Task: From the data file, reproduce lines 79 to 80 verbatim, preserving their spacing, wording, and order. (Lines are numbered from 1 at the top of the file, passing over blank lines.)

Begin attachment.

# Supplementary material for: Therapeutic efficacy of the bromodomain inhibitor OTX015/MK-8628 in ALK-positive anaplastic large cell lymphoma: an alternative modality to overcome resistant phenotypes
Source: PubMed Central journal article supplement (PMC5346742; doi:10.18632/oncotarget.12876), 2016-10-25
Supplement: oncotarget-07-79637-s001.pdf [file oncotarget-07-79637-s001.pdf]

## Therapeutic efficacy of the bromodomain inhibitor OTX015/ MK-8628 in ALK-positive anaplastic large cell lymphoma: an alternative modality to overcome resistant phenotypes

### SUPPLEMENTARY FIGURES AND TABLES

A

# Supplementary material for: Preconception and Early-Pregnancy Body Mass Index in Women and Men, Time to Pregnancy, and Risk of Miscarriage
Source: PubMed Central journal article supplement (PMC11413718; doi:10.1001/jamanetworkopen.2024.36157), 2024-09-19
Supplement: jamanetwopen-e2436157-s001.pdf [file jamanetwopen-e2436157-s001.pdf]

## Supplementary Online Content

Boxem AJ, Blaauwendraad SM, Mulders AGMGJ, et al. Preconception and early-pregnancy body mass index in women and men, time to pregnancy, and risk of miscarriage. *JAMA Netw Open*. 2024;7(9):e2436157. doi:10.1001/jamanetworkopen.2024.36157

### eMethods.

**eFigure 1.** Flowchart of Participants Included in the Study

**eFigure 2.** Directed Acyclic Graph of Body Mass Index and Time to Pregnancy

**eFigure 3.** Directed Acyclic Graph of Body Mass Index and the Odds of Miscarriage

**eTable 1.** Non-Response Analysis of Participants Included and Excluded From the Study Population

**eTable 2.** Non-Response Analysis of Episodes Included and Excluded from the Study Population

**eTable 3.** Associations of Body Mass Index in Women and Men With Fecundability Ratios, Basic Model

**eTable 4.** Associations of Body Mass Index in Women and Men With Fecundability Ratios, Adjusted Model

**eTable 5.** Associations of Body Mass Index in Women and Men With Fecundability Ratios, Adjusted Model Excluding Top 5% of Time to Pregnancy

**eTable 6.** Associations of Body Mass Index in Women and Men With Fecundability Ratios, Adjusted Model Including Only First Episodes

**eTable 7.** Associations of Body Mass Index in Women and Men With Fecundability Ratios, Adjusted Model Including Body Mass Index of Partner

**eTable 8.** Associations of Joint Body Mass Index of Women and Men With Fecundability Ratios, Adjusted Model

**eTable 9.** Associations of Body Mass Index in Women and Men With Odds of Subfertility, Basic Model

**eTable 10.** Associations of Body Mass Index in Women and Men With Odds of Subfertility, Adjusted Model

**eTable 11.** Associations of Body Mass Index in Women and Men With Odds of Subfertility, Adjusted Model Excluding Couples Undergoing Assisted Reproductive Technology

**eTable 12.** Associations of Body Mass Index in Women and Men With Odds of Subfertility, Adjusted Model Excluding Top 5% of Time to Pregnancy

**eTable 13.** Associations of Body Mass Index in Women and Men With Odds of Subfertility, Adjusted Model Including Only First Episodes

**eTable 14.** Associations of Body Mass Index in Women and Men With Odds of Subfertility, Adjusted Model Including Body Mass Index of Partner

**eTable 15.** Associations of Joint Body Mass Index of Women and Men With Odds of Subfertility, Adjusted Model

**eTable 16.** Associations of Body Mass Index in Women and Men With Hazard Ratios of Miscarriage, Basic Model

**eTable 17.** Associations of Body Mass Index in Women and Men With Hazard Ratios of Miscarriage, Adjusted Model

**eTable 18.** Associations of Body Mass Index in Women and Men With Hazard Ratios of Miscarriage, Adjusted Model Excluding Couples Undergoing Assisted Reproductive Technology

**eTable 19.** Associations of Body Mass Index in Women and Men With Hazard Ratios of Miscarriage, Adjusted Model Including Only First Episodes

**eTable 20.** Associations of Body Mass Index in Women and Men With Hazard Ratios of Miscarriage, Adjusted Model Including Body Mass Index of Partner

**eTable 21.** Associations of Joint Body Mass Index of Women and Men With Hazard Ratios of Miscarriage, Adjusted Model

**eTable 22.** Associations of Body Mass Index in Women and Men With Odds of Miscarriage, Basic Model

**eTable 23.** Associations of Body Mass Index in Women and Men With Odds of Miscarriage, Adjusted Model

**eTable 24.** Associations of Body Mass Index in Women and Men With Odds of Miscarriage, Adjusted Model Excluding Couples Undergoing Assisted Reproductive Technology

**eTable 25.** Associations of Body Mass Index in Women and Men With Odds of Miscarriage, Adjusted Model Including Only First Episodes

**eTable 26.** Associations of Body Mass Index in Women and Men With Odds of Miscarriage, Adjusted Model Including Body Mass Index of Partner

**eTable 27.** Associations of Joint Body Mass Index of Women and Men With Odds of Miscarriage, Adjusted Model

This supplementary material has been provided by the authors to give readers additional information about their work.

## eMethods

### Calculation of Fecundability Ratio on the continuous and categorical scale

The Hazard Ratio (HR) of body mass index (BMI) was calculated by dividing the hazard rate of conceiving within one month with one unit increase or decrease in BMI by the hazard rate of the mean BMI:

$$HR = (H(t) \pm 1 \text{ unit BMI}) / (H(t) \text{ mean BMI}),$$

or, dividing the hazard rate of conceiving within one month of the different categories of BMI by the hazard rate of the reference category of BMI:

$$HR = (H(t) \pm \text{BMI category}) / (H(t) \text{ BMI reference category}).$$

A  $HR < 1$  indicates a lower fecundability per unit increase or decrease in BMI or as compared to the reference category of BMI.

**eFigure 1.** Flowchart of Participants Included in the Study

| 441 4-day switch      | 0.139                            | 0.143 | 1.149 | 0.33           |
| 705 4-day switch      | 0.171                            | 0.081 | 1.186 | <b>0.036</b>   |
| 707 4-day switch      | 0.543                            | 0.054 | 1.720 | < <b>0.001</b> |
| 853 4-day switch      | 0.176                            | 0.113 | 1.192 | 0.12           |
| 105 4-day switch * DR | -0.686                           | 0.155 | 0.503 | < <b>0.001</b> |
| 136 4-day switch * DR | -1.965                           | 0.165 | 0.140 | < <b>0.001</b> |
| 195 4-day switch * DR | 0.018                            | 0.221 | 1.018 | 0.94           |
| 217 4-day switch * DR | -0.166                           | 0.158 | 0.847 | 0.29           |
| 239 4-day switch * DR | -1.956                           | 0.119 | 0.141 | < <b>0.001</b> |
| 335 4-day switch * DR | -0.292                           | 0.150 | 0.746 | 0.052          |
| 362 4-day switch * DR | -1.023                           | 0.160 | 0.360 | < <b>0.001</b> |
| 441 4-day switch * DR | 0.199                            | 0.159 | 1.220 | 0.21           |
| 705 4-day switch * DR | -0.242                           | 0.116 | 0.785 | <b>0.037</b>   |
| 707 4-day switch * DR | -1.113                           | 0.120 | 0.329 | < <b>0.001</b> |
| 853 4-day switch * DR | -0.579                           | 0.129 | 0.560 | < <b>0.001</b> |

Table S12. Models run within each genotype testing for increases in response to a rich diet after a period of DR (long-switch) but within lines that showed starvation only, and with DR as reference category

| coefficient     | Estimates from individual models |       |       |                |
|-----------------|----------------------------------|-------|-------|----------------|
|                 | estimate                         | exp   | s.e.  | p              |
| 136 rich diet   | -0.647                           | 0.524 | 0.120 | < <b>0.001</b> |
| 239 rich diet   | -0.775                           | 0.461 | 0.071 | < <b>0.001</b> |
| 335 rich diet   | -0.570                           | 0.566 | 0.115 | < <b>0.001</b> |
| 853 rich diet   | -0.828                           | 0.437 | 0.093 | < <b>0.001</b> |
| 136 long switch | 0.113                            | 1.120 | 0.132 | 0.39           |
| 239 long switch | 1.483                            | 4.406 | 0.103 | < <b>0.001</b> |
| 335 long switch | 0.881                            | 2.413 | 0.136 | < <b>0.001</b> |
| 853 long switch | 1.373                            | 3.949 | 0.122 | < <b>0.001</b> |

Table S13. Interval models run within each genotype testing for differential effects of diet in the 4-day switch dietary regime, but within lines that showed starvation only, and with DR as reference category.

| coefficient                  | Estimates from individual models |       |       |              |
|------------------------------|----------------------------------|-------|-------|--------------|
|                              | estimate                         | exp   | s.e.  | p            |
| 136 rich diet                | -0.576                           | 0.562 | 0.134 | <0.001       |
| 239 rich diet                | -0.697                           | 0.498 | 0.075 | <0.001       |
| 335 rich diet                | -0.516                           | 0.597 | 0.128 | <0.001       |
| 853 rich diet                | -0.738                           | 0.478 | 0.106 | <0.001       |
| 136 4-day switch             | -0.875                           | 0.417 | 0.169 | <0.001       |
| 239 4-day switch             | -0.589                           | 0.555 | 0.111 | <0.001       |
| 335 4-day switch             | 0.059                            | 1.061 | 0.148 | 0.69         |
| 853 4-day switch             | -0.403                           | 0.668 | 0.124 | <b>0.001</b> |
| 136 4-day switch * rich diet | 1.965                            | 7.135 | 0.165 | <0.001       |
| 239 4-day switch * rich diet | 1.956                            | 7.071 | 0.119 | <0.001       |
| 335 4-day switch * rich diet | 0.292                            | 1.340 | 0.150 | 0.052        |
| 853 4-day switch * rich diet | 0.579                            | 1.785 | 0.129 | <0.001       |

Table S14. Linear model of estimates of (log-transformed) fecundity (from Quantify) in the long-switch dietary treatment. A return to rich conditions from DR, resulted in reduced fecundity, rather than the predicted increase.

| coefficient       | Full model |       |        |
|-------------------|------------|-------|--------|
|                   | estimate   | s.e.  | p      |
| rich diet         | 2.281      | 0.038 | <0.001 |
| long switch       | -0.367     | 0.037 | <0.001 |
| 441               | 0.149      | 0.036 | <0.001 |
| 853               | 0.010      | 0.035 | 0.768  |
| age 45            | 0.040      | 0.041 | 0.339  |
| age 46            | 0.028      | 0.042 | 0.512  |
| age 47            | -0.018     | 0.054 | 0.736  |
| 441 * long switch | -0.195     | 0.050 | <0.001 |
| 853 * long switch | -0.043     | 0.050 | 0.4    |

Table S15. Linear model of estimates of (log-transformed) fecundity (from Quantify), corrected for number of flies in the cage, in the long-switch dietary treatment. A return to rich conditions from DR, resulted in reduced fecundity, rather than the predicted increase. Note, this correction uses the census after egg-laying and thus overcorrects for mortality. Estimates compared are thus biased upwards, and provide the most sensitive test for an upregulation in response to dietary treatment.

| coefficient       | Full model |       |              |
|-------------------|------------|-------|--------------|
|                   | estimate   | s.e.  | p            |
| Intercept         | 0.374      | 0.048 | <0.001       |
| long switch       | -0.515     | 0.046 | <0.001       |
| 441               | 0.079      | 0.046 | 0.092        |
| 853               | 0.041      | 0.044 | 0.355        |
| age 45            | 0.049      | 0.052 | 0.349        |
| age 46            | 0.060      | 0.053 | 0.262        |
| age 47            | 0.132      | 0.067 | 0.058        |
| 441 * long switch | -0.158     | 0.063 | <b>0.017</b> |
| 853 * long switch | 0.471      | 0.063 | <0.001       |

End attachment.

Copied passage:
Table S13. Interval models run within each genotype testing for differential effects of diet in the 4-day switch dietary regime, but within lines that showed starvation only, and with DR as reference category.

| coefficient                  | Estimates from individual models |       |       |              |